Interaction between allelic variations in vitamin D receptor and retinoid X receptor genes on metabolic traits
1 Centre for Paediatric Epidemiology and Biostatistics, UCL Institute of Child Health, London, UK
2 Hugh Sinclair Unit of Human Nutrition, Department of Food & Nutritional Sciences, School of Chemistry, Food & Pharmacy, University of Reading, Whiteknights, PO Box 226, Reading RG6 6AP, UK
3 Department of Twin Research and Genetic Epidemiology, King’s College London, London, UK
4 Institute for Quantitative Biomedical Sciences, Department of Genetics, Geisel School of Medicine, Dartmouth College, Hanover, NH, 03756, USA
5 Department of Epidemiology and Biostatistics, MRC Health Protection Agency Centre for Environment and Health, School of Public Health, Imperial College London, London, UK
6 Institute of Health Sciences, University of Oulu, P.O. Box 5000, FI-90014 Oulu, Finland
7 Biocenter Oulu, University of Oulu P.O. Box 5000, Aapistie 5A, FI-90014 Oulu, Finland
8 Unit of Primary Care, Oulu University Hospital, Kajaanintie 50, P.O. Box 20 FI-90220 Oulu, Finland
9 Department of Children, Young People and Families, National Institute for Health and Welfare, Box 310, 90101 Oulu, Finland
10 School of Population Health and Sansom Institute, University of South Australia; South Australian Health and Medical Research Institute, Adelaide, Australia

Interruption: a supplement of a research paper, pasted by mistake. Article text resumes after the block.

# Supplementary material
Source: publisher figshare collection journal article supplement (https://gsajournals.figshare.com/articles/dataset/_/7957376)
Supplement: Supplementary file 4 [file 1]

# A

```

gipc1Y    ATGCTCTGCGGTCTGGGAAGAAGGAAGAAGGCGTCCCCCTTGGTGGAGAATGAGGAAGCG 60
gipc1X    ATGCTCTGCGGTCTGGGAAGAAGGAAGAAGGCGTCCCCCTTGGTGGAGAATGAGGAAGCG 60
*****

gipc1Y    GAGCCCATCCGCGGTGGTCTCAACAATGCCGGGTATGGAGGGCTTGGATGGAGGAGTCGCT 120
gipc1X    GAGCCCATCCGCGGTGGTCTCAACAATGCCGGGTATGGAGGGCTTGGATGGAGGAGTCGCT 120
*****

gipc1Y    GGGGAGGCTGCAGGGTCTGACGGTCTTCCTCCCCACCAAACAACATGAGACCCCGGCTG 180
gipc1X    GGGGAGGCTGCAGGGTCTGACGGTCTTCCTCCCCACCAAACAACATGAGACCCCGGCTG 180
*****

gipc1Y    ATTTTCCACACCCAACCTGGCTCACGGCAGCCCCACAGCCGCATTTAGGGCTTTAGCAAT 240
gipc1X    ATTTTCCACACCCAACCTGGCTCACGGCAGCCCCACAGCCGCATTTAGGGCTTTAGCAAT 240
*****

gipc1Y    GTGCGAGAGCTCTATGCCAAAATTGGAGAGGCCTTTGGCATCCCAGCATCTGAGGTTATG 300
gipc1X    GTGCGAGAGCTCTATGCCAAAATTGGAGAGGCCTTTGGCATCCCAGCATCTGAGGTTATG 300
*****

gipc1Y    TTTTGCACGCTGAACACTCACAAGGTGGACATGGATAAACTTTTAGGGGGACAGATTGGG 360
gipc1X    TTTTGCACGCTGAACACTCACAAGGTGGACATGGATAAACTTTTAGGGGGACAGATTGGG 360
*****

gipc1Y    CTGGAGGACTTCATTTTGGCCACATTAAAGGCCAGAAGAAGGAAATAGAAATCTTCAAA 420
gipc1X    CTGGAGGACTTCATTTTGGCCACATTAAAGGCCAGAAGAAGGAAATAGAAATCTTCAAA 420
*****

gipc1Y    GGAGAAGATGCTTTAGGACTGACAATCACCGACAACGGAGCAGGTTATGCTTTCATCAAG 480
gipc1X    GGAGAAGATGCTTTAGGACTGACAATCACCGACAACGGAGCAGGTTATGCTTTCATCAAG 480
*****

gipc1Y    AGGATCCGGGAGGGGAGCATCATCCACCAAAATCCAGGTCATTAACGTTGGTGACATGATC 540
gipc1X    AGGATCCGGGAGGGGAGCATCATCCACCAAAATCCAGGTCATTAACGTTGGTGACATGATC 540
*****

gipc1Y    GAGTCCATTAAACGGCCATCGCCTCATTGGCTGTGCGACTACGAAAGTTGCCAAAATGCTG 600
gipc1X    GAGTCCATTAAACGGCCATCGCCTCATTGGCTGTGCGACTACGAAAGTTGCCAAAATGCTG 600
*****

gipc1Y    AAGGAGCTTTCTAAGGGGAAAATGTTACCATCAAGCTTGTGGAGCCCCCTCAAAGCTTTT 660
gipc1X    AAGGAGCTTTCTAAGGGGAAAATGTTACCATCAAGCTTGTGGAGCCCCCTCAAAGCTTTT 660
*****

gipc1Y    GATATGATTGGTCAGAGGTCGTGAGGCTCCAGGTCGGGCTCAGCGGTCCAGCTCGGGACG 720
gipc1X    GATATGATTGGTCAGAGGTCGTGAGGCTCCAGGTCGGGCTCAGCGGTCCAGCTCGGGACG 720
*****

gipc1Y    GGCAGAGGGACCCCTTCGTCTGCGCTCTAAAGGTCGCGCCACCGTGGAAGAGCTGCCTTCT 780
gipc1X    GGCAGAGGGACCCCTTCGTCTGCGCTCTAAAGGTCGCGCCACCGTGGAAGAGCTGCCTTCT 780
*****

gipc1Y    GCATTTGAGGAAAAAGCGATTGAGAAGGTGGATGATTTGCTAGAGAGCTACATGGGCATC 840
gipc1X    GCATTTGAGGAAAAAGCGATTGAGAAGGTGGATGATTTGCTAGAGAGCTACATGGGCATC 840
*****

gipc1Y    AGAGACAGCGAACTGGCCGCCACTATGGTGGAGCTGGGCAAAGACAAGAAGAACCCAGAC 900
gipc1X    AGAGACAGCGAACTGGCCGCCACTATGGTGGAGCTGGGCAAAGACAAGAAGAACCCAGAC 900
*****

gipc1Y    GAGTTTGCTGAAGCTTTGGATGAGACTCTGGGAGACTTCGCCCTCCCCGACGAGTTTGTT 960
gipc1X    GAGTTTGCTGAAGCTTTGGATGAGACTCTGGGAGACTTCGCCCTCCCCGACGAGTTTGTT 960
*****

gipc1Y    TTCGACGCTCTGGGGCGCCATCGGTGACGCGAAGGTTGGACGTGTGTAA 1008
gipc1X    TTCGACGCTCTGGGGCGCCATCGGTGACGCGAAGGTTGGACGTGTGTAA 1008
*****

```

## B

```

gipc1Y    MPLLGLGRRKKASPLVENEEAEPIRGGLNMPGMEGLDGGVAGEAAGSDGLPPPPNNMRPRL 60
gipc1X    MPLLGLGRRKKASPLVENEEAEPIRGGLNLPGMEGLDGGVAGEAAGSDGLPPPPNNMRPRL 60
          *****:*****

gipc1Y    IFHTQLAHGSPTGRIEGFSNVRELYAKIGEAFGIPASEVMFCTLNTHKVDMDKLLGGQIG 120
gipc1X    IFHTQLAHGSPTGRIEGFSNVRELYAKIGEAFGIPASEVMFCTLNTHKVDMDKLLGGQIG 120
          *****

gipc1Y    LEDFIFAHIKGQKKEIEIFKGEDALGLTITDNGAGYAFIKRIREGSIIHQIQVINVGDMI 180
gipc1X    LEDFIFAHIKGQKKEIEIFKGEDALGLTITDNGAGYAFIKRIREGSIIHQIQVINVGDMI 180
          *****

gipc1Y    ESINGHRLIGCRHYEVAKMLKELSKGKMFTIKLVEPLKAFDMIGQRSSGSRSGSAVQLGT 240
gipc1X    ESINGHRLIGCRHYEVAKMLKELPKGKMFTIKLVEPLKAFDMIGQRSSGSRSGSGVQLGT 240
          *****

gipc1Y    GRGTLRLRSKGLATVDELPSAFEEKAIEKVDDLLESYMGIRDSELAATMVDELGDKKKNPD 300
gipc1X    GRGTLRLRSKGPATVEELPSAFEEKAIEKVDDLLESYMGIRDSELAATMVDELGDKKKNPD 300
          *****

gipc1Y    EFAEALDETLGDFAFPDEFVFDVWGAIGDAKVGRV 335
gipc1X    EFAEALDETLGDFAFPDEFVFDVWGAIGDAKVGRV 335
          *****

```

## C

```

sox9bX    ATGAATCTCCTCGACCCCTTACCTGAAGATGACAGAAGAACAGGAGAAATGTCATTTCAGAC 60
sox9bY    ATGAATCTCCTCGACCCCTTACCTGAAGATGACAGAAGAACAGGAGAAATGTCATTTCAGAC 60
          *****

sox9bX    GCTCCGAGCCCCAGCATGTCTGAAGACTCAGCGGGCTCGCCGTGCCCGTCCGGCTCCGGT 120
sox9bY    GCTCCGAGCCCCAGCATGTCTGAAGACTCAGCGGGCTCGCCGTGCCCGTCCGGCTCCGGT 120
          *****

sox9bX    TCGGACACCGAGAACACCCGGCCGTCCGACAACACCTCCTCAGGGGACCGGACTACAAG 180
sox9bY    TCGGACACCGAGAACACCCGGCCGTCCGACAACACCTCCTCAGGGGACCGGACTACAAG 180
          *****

BMC Genetics 2014, 15:37 doi:10.1186/1471-2156-15-37Published: 19 March 2014
Low vitamin D status has been shown to be a risk factor for several metabolic traits such as obesity, diabetes and cardiovascular disease. The biological actions of 1, 25-dihydroxyvitamin D, are mediated through the vitamin D receptor (VDR), which heterodimerizes with retinoid X receptor, gamma (RXRG). Hence, we examined the potential interactions between the tagging polymorphisms in the VDR (22 tag SNPs) and RXRG (23 tag SNPs) genes on metabolic outcomes such as body mass index, waist circumference, waist-hip ratio (WHR), high- and low-density lipoprotein (LDL) cholesterols, serum triglycerides, systolic and diastolic blood pressures and glycated haemoglobin in the 1958 British Birth Cohort (1958BC, up to n = 5,231). We used Multifactor- dimensionality reduction (MDR) program as a non-parametric test to examine for potential interactions between the VDR and RXRG gene polymorphisms in the 1958BC. We used the data from Northern Finland Birth Cohort 1966 (NFBC66, up to n = 5,316) and Twins UK (up to n = 3,943) to replicate our initial findings from 1958BC.
After Bonferroni correction, the joint-likelihood ratio test suggested interactions on serum triglycerides (4 SNP - SNP pairs), LDL cholesterol (2 SNP - SNP pairs) and WHR (1 SNP - SNP pair) in the 1958BC. MDR permutation model testing analysis showed one two-way and one three-way interaction to be statistically significant on serum triglycerides in the 1958BC. In meta-analysis of results from two replication cohorts (NFBC66 and Twins UK, total n = 8,183), none of the interactions remained after correction for multiple testing (Pinteraction >0.17).
Our results did not provide strong evidence for interactions between allelic variations in VDR and RXRG genes on metabolic outcomes; however, further replication studies on large samples are needed to confirm our findings.